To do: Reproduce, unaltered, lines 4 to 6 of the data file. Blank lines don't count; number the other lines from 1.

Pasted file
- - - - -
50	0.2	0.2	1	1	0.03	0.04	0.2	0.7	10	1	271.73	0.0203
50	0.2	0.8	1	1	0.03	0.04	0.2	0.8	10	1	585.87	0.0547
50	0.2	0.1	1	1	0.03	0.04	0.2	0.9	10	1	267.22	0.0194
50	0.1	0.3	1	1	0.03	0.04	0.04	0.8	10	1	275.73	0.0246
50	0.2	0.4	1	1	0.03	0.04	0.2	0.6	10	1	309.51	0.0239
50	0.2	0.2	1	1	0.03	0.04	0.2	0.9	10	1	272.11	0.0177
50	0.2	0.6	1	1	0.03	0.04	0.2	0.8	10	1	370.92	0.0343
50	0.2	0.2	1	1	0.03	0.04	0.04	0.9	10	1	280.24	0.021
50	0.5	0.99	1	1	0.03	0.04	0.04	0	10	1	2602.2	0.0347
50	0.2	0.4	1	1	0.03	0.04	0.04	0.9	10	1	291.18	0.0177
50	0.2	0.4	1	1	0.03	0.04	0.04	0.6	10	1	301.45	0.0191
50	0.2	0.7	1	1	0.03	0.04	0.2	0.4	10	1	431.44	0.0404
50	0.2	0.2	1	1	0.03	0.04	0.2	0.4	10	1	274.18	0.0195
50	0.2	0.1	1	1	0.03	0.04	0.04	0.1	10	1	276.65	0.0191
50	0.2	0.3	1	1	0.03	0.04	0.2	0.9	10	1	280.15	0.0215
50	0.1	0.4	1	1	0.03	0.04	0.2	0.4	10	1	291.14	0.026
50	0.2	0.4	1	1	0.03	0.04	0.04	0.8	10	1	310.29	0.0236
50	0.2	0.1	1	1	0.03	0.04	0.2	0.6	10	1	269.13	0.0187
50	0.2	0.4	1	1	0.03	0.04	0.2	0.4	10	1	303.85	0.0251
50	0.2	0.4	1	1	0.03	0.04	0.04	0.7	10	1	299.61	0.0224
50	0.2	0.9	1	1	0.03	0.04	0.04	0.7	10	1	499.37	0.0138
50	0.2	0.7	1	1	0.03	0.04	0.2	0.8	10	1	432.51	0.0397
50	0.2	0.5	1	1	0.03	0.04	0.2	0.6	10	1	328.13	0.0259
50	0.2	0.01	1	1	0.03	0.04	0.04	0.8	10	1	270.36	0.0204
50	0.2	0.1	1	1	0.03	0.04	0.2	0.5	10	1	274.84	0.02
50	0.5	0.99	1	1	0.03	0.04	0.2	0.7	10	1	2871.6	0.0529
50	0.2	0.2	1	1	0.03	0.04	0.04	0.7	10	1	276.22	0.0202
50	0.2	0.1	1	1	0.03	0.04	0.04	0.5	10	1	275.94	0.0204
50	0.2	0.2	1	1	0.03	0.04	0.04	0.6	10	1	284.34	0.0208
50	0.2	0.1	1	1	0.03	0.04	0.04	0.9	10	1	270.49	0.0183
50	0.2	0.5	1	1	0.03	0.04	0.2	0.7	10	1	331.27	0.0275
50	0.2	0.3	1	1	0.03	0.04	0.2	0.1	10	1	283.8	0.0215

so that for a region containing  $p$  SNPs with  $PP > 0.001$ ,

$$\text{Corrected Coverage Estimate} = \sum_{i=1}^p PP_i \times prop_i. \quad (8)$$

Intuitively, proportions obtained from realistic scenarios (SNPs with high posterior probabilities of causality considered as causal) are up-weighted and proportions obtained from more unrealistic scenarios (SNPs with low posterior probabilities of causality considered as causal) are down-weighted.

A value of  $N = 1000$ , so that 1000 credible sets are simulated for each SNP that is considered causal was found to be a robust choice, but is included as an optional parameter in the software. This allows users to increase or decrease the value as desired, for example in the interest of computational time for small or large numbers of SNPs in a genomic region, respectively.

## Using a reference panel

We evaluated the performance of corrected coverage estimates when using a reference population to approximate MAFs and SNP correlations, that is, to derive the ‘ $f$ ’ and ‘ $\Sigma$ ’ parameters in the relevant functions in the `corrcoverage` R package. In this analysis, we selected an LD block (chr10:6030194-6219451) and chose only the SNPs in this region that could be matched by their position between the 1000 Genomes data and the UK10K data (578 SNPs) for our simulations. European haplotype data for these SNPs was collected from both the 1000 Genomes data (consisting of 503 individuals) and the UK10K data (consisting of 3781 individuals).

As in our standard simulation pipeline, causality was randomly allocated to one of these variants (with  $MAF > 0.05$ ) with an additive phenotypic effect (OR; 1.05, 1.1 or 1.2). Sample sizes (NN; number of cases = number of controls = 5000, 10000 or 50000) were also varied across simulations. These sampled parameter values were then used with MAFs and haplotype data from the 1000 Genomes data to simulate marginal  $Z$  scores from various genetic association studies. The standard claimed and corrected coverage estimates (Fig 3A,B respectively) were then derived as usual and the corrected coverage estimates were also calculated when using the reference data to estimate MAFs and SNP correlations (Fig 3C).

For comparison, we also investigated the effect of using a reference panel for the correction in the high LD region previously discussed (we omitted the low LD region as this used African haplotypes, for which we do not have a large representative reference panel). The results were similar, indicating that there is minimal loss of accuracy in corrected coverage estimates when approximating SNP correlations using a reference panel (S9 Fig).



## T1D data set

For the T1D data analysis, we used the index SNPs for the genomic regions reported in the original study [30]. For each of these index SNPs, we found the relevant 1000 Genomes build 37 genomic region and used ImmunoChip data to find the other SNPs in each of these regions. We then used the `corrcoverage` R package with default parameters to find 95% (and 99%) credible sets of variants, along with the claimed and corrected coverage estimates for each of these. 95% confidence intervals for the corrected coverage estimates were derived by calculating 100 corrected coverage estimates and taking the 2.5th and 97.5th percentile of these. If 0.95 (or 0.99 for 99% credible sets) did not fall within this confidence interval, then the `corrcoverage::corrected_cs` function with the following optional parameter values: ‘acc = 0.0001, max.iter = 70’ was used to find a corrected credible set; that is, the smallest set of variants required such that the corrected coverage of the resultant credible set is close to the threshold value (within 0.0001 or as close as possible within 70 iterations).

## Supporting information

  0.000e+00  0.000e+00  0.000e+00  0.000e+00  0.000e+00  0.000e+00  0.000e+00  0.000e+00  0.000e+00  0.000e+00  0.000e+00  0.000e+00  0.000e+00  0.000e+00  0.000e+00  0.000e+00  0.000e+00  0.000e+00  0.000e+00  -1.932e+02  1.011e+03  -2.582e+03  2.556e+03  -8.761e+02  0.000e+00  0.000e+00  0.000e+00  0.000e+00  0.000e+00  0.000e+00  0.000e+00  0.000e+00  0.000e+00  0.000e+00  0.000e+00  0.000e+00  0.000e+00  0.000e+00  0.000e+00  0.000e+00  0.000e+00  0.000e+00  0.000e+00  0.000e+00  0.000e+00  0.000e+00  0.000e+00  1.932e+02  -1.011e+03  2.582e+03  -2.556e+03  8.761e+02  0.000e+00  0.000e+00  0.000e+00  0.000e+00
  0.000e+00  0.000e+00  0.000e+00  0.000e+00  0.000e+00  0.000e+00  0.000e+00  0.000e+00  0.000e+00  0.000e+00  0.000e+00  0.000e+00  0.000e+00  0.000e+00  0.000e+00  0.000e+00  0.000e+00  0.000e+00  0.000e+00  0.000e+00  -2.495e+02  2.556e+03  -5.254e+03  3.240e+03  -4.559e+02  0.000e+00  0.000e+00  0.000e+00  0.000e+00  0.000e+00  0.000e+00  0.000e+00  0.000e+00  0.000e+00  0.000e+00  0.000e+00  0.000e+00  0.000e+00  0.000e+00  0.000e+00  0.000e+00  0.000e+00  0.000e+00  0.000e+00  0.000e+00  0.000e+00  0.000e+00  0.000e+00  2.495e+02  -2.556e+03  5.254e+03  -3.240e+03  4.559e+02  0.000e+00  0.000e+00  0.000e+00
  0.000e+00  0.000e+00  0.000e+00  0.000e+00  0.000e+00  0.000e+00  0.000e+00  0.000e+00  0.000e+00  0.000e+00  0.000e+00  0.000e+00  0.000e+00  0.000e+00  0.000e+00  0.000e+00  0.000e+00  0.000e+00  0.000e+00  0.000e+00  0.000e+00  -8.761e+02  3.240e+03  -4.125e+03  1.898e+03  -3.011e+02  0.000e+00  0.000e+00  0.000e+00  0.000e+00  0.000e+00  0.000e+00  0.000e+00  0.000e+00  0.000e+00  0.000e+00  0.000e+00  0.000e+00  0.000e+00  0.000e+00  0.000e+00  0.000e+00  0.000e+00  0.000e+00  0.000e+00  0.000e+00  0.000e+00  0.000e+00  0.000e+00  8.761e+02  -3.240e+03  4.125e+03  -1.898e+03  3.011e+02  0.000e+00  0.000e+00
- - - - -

50	0.1	0.3	1	1	0.03	0.04	0.04	0.8	10	1	275.73	0.0246
50	0.2	0.4	1	1	0.03	0.04	0.2	0.6	10	1	309.51	0.0239
50	0.2	0.2	1	1	0.03	0.04	0.2	0.9	10	1	272.11	0.0177